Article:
I would like to ask though "why is a charity doing this work?". These pictures, the taking of them, the hosting of them, the downloading of them, and the personal storage of them are all illegal activites. So, why isn't it a police problem? Ahhh! Perhaps because then the government would have to fund the extra police work.

  • Comment number 39.

    I hope act2bmp is being sarcastic but I will mention the following in case people have the wrong idea about encryption.


    The reason we need encryption is not to hide criminal activity from the police but simply because there are more people in the world out to steal your credit card details, passwords and other personal information than there are people looking at Child Abuse Images (please note the IWF do not refer to it as child pornography because apparently that legitimises it).


    To ban encryption because "only criminals use it" is to remove all security on data and hand it straight to any criminal with a packet sniffer.


    Encryption can be used by criminals to hide their communications, but you may as well ban cars because criminals can use them to move around and commit crimes.
    Innocent until proven guilty, don't blame a technology for the ways it can be abused.


    The "If you have nothing to hide what is the problem" argument does not work here. I do have something to hide from the various people my internet traffic passes through and that is my online banking, my credit card payments and VPN (virtual private network) traffic to my employer.


    Look at the fallout when a shop website gets hacked and their customer data is exposed to the world.

    Thinking logically for a moment, do you want to hand your bank statements, credit cards and car keys to anybody who walks past?
    I don't.

  • Comment number 40.

    "Ohh, as for tracking people on the internet, it's easier said than done. How do you track a wireless laptop? Anyone? "

    Same way you track anything else.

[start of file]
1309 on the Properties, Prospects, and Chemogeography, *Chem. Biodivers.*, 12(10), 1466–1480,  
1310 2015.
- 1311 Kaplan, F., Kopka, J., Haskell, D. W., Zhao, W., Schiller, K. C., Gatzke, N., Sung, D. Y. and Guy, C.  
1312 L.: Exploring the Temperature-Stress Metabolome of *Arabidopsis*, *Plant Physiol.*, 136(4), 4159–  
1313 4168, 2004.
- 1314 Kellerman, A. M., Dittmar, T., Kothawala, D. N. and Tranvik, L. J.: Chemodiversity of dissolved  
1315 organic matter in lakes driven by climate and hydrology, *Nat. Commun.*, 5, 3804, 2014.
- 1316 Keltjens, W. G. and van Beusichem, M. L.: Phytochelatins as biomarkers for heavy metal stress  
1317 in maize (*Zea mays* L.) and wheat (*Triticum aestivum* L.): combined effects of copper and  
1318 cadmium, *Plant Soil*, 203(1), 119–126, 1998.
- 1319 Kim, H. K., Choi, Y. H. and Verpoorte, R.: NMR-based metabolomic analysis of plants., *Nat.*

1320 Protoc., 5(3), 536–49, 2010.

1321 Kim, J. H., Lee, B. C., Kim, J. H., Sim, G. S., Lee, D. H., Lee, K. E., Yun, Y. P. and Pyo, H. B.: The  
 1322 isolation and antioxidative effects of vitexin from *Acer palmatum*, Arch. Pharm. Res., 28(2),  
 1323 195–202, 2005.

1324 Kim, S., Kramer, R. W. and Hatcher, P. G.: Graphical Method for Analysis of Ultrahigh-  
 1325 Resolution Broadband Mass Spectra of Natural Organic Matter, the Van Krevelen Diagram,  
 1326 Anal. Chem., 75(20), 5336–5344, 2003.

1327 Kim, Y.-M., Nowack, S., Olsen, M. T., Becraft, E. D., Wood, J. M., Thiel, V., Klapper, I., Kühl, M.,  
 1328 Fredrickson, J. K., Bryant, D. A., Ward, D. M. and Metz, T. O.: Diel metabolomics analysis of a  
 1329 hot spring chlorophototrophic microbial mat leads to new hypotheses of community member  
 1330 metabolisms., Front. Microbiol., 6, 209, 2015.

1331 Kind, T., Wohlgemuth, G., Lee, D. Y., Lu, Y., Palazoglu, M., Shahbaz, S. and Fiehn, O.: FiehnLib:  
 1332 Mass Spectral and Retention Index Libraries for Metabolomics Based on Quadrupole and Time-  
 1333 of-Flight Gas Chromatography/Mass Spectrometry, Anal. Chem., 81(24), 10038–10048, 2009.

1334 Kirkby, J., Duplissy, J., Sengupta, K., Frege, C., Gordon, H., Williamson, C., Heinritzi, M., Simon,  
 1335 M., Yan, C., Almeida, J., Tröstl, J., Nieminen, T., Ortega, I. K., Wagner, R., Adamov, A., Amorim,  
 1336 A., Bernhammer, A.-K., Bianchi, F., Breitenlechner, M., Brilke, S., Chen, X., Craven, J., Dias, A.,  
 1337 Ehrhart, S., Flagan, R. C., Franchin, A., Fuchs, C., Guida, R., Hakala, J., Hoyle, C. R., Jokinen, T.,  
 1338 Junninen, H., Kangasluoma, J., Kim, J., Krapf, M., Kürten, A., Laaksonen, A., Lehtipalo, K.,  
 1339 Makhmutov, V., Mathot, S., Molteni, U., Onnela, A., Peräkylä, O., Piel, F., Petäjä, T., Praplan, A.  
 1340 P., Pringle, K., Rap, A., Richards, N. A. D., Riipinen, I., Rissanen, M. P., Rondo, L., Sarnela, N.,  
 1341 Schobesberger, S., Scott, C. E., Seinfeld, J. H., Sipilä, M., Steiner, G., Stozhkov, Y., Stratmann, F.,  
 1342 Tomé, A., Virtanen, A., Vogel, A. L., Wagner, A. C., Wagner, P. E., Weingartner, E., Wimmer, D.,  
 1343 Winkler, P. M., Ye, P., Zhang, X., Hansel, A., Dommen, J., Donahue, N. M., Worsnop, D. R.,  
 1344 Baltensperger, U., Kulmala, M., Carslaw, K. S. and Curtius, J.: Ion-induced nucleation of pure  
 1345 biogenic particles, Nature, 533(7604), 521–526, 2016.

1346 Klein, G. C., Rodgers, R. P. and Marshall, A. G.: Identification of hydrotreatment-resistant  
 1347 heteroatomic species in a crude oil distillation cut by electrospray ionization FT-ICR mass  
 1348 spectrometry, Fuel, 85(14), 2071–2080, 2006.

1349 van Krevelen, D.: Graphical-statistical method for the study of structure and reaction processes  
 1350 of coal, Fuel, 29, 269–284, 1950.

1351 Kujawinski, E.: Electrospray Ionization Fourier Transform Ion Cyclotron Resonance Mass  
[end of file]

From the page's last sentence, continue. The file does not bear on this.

Possibilities are...

    1) Get its MAC address - not easily done and its behind a router, you can't.

    2) IP address - but that may be shared by dozens/hundreds of machines.

    3) Tracking cookie - but can be disabled

    4) Tracking trojan - can also be disabled but only if you know its there.

    5) Sideways tracking - eg, send target user an email containing a pixel tag, gather info from this. Will only be effective if they open the mail, obviously.

    or 6) Be an ISP, or an ISP that jumps when the government says JUMP!

    6 is pretty effective.

    The thing to realise is that when you surf, you leave clues - when you download mail, P2P, anything, you leave clues. Even a careful user will perhaps overlook two apparantly safe pieces of information that when aggregated reveal identity/location/IP-machine connection etc.

    it's the *aggregated* information that will do for ya.

  • Comment number 41.

    Filtering is not the solution . In operating a filter the offending sites are identified . It is at this point that they should be fully investigated - the people concerned prosecuted and the children freed and rehabilitated - and the sites closed down . Filtering is a bandaid solution and is very dangerous to democracy - or is that what the politicians want ? If the money being proposed for filtering was spent on direct law enforcement the results would be far more effective - or is that just too hard for the politicians and the police ? Meanwhile innocent young lives are ruined and the gangs aren't chased down and shut down . In the Madeleine McCann case we heard of networks in Belgium - what's happened there ? If you trawl the Internet - even innocently - it's not too hard to come across the ocasional such links . There should be central reporting mechanisms - eg. via Google or via the police - and then the police should chase them down .